Starting watts are what’s known as maximum watts. When purchasing a generator you should pay very close attention to what the maximum watts of the generator is and the running watts. The worst thing you can do is purchase a generator, get it setup, and then find that you don’t have enough power because you bought based off of running watts and not surge watts. When looking at generators you should be able to find the specific maximum starting watts and the running watts. If it is unclear or you cannot find it on the product either ask for help or move onto a different product. As an example, if we look at Westinghouse’s WGen7500 portable generator on Amazon by clicking here we can see that it’s running watts are seventy-five hundred and the starting or surge watts are at ninety-five hundred. This is a great example as it tells you right in the product description. I’m a big fan of making things easy.

Lastly, if you are planning to purchase a generator check out our Best Generator Article by clicking here and also our Generator Safety Guide by clicking here. Remember folks, it is always best to be safe then sorry. Generators are not toys and they can be very dangerous if not used correctly. Please note that this article is intended to give advice and informational value only. We here at ToughAssTools are not liable for any damage when it comes to using generators rather it be personal, injury, or property.

Thanks for reading,

Alec Johnson

ToughAssTools

Question

Hello folks and welcome to ToughAssTools.com . Generators are by far one of my favorite appliances to have around. You never truly know when you are going to need them. Your power could go out due to a blizzard, storm, or hurricane. Or, perhaps you are an outdoors men and enjoy camping, but still like to have some power to charge your laptop, phone, or whatever other electronics you need. While a generator will get this job done for you it can be very loud. After all, when your generator is running it is a diesel engine burning through fuel. You can expect it to be loud.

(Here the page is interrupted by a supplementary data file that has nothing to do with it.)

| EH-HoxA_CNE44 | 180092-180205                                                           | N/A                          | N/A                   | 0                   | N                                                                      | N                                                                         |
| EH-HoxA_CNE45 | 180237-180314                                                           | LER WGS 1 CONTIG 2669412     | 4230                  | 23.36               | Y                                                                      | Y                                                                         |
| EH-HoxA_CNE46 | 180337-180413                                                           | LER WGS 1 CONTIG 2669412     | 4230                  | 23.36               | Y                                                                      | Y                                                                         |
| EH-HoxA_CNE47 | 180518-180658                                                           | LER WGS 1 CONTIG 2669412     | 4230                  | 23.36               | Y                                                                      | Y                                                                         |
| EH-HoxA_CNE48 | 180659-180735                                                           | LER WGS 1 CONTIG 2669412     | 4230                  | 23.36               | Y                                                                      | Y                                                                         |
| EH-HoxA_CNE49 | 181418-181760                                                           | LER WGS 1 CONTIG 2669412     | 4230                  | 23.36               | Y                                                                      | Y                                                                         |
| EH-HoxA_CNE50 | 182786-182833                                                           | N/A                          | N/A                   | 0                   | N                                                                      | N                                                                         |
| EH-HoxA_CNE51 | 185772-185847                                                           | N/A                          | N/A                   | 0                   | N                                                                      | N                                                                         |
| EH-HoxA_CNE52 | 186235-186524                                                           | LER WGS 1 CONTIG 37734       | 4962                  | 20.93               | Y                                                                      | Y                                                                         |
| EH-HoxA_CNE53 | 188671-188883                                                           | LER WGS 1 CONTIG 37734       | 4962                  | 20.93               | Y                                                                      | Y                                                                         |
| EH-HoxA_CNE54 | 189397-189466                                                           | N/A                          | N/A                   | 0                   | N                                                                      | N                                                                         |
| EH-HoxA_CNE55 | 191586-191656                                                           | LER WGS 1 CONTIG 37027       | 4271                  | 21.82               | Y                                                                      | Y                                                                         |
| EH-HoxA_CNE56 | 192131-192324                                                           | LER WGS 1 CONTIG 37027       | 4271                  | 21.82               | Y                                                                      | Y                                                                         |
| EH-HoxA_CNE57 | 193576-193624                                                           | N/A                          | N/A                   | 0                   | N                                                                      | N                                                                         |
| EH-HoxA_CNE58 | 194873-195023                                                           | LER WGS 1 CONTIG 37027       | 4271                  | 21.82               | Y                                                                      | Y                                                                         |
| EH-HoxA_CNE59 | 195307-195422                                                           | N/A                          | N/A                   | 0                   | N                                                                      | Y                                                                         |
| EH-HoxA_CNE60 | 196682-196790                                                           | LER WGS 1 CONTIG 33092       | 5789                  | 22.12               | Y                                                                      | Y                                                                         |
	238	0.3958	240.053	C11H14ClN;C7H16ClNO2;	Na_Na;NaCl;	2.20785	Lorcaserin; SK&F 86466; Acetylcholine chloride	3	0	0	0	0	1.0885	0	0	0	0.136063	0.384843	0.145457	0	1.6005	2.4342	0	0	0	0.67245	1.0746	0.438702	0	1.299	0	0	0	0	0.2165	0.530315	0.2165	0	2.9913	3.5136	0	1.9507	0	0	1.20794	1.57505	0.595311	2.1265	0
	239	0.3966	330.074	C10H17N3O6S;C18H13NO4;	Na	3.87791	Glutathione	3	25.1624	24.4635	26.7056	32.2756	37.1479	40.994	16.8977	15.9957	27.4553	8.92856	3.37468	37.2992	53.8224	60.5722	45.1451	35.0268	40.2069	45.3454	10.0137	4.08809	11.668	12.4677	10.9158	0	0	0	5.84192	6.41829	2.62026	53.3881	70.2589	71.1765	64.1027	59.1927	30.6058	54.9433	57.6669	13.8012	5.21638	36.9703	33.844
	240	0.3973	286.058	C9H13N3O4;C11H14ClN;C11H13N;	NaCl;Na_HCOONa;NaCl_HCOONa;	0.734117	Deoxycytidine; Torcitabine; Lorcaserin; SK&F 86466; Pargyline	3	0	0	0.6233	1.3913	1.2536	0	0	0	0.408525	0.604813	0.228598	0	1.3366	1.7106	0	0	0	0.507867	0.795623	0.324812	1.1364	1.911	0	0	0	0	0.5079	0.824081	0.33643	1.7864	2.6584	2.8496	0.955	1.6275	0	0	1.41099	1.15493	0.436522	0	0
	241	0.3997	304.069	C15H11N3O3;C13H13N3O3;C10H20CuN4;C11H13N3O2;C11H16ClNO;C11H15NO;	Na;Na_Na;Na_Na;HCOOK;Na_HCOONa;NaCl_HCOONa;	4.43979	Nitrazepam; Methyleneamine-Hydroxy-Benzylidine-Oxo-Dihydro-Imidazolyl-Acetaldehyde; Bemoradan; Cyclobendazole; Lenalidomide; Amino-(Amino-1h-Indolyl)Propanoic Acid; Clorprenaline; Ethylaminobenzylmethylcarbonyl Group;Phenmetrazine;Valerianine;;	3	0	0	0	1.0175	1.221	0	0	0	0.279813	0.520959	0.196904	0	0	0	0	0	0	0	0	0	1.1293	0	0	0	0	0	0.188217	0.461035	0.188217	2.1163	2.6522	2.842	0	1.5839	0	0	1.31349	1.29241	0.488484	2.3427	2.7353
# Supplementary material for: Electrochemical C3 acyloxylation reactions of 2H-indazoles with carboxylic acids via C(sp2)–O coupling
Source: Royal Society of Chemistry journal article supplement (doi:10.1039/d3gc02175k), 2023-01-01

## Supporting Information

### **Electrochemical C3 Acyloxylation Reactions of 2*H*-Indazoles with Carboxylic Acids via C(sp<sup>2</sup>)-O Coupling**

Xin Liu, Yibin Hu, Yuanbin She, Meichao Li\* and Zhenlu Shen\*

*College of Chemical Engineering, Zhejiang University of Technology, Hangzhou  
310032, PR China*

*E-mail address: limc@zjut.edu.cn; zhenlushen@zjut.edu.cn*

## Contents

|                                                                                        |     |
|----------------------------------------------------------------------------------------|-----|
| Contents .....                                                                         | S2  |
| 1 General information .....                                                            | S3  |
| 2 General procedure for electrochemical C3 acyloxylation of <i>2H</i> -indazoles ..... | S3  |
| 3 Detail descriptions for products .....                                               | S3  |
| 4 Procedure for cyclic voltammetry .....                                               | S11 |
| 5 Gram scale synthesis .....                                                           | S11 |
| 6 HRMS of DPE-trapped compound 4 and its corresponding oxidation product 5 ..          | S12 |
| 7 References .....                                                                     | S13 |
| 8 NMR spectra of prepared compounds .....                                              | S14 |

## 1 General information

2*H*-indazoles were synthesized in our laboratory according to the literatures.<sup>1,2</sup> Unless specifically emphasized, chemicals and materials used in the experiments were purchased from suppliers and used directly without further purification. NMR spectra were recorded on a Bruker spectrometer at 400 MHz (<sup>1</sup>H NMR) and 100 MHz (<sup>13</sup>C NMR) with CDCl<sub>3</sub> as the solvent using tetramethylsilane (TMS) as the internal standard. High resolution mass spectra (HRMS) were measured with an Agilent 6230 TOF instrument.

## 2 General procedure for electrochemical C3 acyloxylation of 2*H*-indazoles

The problem is if you are out camping the point of it is to enjoy the outdoors and the peace and quiet that comes with it. Or, perhaps you aren’t camping but are having a party outside with a lot of guests. A friend of mine has a Fourth of July party on some land of his every year. It is vacant land with no buildings or power routed to it. Just a ten acre pond and fields all around it. It makes a great place to launch fireworks, but not so great of a place to host food or a gathering. Every year they bring their generator out and it provides enough power for some floodlights and crock-pots to keep all the food cooking and warm.

As you can imagine, the downside to this is that the generator is very loud. If you are too close to it then you won’t be able to hear what anyone is saying. In fact it is so loud that when it comes to fireworks time they turn it off entirely so that the noise won’t be distracting. The area goes pitch black except for the few tiki torches. To get around this problem a lot of folks have asked the question if a type of silencer can be put on these loud mouthed generators.

Silencers on Generators?

The first question here is exactly how loud are generators? Obviously, it can vary from model to model but the average tends to be between seventy to one-hundred decibels at around twenty or so feet. This could be the equivalent of a vacuum cleaner running or as loud as heavy city traffic. It depends on the unit.

The first solution here is to actively look for quieter brands of generators out there. In most cases the products will have an indication as to how loud they are. If they do not then it is best to check the reviews to determine exactly how loud the product is. For example, the Westinghouse Generator doesn’t display the noise level but when looking at reviews I found a few that state, ‘The noise is loud, but tolerable compared to other generators.‘ Or, ‘The noise level is not bad – much better then our CAT unit.’

Another option here is what is known as inverter generators. A typical portable generator is made of two separate mechanisms. You have the engine and then you have the generator. Each one has its own set of components. An inverter generator is actually one mechanism and leverages some of the same parts for both the engine and the generator. This results in an overall quieter sound. As an example, lets look at this Briggs & Stratton inverter generator. It is rated to run at around sixty-six decibels. That volume is between a standard conversation or the sound of a running vacuum. Much quieter then some of the other generator models out there. The downside here is that inverter generators are much more expensive then your standard generators.